Scottish local authorities have warned of a housing shortage in communities across the country if the United Kingdom were to leave the European Union without a deal.

More than half a dozen councils in Scotland have claimed that house building targets and ongoing development could be in jeopardy if a No Deal Brexit were to go ahead.

Loss of labour from the European Union, reduction in EU funding and increases in the costs of supplies used in property development could put plans to build thousands of new homes across the country at risk.

Council bosses in West Lothian, Perth and Kinross and Edinburgh are among those who included the warning in their risk assessments ahead of the UK’s exit from the European Union.

Housing association bosses in Scotland say that many programmes are currently on hold as questions remain over future funding, asking for the Scottish Government to come forward with a long-term commitment.

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Sally Thomas, chief executive of the Scottish Federation Of Housing Associations, said: “At present, some social housing providers have put development plans on hold, because the Scottish Government is yet to commit to affordable housing investment after the current programme ends in 2021. Housing associations are reluctant to commit to further development projects beyond those already contracted.

“Housing associations have been stress-testing various Brexit scenarios to ensure they can continue to support their communities. However, with continuing ambiguity around Brexit, a long-term commitment from the Scottish Government to developing more affordable housing from 2021 would give Scotland a crucial social and economic boost and help deliver the housing that people need.”

Local authorities stressed these risks could be felt over a much longer time, with West Lothian claiming they would be monitoring the impacts of Brexit beyond an initial six-month planning period.

While there is ongoing uncertainty as to the nature of the UK’s relationship with Europe, housing experts also warned of domestic challenges which could be addressed now.

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Fionna Kell, director of policy at industry body Homes for Scotland, said: “Recent figures showed an encouraging increase in home building activity in Scotland across all sector, providing more choice across all tenures for our growing population as well as wider social and economic benefits. Whilst there are risks associated with Brexit, there are domestic challenges facing the Scottish home building industry which the Scottish Government and Local Authorities could address now to ensure build levels and investment are maintained as far as possible. It is these issues that our members are most keen to get resolved.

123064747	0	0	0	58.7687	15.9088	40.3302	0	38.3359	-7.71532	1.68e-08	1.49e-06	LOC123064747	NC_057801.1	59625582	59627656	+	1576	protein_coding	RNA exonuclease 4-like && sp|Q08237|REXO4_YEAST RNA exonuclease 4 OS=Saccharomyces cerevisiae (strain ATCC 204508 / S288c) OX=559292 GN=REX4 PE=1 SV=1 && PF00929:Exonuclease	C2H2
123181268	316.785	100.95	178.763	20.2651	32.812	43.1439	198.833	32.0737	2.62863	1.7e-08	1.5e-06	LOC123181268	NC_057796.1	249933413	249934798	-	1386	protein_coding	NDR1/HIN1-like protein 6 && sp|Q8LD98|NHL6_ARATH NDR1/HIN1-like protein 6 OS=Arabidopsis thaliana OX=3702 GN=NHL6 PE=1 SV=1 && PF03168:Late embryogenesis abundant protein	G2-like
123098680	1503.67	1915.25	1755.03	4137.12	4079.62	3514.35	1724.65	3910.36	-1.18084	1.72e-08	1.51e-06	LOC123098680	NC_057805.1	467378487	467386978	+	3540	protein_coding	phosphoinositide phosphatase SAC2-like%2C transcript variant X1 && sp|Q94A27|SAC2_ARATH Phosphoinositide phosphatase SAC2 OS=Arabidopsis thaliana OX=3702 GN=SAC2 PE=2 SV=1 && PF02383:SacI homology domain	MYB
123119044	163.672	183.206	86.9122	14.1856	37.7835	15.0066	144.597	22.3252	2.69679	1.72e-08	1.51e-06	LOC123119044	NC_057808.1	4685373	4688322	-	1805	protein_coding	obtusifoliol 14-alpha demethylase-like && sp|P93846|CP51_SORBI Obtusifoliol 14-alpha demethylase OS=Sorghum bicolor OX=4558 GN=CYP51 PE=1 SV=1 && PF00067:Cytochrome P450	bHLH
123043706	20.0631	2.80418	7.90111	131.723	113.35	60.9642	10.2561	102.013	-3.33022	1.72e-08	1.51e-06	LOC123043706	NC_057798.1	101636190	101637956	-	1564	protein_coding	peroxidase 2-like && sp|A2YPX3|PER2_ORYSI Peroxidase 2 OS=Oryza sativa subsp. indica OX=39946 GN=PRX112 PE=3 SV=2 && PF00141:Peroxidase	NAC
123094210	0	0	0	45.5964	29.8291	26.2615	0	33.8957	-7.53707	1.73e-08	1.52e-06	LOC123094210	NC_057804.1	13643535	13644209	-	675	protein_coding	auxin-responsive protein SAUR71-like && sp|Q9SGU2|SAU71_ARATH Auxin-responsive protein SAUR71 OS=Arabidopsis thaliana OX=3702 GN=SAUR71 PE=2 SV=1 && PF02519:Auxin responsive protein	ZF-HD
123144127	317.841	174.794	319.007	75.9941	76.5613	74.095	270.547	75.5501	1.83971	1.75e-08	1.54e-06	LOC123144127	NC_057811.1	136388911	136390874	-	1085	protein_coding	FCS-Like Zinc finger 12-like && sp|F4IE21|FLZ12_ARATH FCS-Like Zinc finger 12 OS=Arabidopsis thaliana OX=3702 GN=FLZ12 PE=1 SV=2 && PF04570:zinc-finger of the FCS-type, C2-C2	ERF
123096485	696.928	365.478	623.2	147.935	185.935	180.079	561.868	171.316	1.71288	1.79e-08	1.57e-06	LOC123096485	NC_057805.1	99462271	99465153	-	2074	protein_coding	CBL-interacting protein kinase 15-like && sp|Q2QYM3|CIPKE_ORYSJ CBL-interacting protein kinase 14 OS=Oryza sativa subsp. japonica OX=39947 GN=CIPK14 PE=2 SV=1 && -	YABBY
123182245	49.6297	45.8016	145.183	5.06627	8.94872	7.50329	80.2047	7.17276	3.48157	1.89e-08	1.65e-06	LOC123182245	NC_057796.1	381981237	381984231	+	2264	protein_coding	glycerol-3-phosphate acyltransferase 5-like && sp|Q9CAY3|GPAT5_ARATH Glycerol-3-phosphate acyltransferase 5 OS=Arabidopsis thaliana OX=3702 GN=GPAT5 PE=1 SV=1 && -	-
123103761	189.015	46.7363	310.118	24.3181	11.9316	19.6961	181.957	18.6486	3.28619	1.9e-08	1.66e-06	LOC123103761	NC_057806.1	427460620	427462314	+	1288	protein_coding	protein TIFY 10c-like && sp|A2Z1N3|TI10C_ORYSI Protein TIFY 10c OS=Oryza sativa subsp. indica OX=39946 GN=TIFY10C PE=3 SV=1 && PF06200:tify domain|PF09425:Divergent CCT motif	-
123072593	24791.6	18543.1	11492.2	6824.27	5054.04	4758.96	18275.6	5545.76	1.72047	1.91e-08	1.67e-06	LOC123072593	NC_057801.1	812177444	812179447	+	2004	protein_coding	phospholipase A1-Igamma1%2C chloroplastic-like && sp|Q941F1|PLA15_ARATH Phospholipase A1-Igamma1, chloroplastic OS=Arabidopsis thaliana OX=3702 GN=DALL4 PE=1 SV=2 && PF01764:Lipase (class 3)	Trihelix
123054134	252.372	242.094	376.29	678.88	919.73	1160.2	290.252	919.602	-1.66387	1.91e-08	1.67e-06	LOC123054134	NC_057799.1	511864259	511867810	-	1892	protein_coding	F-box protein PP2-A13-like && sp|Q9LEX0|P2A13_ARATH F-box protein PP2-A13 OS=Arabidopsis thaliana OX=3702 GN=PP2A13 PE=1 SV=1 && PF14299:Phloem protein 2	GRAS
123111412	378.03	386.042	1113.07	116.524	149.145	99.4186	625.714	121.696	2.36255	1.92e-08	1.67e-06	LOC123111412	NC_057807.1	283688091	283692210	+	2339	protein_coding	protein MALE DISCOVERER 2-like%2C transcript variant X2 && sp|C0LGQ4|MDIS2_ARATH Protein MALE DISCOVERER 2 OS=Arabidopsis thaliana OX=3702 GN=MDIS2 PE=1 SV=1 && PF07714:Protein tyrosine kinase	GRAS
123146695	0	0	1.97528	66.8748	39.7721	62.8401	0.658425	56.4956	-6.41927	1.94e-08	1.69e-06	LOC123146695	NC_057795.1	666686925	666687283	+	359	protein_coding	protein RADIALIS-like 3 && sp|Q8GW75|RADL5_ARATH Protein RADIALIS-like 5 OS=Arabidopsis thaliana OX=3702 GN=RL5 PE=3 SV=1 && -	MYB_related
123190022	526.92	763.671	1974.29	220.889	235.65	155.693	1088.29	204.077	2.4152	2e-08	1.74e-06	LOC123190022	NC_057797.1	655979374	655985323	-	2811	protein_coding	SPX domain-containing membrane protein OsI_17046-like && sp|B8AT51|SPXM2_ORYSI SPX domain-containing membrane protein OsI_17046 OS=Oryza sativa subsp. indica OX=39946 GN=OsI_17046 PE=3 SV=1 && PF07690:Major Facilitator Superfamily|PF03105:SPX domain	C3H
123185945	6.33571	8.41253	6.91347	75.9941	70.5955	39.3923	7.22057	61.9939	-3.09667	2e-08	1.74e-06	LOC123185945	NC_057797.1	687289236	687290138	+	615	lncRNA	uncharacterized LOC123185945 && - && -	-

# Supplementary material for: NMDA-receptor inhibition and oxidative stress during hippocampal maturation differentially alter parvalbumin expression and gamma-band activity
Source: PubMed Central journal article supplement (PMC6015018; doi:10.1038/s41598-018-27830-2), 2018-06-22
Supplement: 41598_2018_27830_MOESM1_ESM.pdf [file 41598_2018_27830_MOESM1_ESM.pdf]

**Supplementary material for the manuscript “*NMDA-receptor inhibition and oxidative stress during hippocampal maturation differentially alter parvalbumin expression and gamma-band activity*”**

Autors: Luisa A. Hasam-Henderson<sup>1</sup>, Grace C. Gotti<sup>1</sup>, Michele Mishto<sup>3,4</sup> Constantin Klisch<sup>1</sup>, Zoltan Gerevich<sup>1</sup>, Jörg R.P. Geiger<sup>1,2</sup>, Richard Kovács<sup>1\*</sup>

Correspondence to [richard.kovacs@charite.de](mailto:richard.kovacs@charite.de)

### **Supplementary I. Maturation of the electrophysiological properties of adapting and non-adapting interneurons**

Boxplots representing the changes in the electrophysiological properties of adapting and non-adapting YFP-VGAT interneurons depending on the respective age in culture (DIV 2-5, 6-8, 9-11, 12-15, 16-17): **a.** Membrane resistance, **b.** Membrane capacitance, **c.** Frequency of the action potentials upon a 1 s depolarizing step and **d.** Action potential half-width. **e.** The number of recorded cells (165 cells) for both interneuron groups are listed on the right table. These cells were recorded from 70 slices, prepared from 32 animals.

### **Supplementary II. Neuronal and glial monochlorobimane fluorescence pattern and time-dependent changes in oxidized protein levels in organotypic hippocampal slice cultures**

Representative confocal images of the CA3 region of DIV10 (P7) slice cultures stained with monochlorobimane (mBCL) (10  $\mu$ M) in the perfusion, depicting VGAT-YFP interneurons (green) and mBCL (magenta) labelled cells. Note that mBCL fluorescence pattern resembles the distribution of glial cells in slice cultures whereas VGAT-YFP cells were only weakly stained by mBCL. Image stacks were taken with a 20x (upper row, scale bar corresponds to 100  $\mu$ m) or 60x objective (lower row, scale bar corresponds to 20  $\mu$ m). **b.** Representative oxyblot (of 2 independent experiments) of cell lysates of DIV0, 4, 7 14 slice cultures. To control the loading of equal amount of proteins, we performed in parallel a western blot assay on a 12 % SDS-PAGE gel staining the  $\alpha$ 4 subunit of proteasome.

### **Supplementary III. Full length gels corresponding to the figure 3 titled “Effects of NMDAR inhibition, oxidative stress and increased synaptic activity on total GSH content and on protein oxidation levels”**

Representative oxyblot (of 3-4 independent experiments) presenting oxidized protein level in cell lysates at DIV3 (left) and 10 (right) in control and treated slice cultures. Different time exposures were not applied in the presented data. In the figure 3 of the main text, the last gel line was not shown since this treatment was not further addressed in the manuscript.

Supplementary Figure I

“At a national level, we require the hugely successful Help to Buy scheme in Scotland to be extended to 2023 in line with England to boost confidence and certainty, as well as prevent disadvantage, for both buyers and builders north of the border. Our Registered Social Landlord members also need to know about grant funding levels post-2021 so they can plan their affordable housing programmes.

“Most importantly, however, is the alignment of policy to encourage home building at a local level. This is where the real delivery barrier lies.”

Communities and local government secretary Aileen Campbell said: "A ‘no deal’ Brexit would be disastrous – but the emerging Brexit deal from Brussels is also a terrible one for Scotland, taking us out of the EU, the single market and the customs union against our will. It is a deal which sees Scotland – alone of all UK nations – treated unfairly, with our overwhelming vote to remain in the EU ignored.

“Exiting the EU was not Scotland’s choice and we have been clear that any related costs must be covered by the UK Government.

"The costs of Brexit are expected to far exceed the consequentials we have received so far from the UK Government and we should not have to cut spending on public services to fund Brexit.

“We continue to work with local government to prepare for EU exit, including through providing funding to support communities with Brexit preparations.

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“We provided an extra £1.6 million to councils for local co-ordination work on Brexit preparedness arrangements by agreeing to COSLA’s request for an additional £50,000 per council, which is everything they have requested to date.

"We have also funded two seconded officials to COSLA as a dedicated resource to support operational readiness across councils.

“As a responsible government, we recently published an overview setting out efforts being made by the Scottish Government to mitigate a damaging ‘no deal’ which includes a commitment to creating a £7 million Rapid Poverty Mitigation Fund to help councils target money at the people who need it most.”

To view how a No Deal Brexit will affect your community, visit The Herald's interactive map.